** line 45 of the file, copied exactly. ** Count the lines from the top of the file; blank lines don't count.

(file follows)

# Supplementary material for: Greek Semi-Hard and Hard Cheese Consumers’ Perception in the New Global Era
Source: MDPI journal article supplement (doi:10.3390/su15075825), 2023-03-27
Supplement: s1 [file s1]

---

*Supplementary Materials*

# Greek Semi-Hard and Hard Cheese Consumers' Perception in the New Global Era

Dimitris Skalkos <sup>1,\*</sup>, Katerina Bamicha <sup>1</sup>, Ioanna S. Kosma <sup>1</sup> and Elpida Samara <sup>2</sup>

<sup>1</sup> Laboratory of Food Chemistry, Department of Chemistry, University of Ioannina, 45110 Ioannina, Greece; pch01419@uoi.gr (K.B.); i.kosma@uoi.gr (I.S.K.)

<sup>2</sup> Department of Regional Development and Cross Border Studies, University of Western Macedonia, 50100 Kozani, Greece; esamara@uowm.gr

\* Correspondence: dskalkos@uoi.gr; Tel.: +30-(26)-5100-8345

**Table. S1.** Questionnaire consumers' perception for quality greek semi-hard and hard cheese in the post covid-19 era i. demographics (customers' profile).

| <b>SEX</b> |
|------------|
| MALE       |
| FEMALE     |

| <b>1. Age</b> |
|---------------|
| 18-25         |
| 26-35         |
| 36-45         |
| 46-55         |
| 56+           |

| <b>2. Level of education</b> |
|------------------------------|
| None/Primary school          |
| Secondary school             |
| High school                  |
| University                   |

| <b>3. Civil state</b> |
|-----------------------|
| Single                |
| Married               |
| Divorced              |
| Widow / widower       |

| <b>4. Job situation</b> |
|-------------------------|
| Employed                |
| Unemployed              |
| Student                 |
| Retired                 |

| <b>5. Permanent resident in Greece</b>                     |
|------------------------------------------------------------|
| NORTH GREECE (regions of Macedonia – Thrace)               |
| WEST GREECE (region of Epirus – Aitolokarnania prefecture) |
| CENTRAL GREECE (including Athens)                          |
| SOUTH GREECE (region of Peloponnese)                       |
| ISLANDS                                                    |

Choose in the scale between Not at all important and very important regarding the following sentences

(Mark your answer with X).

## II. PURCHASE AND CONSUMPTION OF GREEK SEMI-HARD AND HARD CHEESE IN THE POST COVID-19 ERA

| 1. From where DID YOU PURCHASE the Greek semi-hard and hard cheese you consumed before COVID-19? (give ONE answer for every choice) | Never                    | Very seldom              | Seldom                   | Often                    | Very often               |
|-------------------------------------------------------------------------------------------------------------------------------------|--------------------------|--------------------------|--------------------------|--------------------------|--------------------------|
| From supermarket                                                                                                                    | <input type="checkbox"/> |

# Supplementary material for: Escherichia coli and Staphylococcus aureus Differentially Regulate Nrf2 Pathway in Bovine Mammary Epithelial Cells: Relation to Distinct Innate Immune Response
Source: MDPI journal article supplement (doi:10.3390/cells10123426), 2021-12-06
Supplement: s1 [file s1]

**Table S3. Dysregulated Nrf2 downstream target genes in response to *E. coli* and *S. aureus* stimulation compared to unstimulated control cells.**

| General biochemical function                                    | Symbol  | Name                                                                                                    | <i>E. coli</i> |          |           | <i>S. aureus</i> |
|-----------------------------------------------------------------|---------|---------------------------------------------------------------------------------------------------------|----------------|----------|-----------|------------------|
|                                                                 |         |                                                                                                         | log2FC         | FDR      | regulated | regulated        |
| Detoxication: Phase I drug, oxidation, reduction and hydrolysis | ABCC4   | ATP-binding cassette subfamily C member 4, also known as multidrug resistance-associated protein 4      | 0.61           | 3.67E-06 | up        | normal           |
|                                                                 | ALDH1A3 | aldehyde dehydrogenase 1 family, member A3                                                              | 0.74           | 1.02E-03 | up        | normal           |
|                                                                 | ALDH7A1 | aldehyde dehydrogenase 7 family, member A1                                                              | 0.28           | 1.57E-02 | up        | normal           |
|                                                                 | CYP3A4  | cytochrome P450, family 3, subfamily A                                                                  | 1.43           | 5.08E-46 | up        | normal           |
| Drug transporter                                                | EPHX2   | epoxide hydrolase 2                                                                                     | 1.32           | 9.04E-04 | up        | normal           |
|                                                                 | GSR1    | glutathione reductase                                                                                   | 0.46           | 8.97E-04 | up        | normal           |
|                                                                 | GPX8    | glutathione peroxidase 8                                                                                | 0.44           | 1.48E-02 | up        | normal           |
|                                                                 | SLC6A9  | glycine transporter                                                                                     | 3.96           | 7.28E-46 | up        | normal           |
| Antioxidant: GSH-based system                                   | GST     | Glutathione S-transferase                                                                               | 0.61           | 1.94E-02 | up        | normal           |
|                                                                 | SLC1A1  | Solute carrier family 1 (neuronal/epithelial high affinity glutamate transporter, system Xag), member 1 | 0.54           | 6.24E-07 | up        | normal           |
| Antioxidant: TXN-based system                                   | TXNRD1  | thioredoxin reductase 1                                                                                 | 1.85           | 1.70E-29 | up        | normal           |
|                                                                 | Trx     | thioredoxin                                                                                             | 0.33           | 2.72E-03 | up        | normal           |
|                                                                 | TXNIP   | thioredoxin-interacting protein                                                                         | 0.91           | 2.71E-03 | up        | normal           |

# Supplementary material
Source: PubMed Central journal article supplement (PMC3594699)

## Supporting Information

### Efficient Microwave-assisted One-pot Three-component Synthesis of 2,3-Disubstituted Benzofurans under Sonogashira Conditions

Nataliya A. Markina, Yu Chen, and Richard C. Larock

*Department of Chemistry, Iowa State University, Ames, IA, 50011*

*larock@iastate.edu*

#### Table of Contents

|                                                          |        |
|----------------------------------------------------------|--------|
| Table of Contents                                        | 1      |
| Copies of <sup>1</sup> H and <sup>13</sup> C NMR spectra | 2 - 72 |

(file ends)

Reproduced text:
| CENTRAL GREECE (including Athens)                          |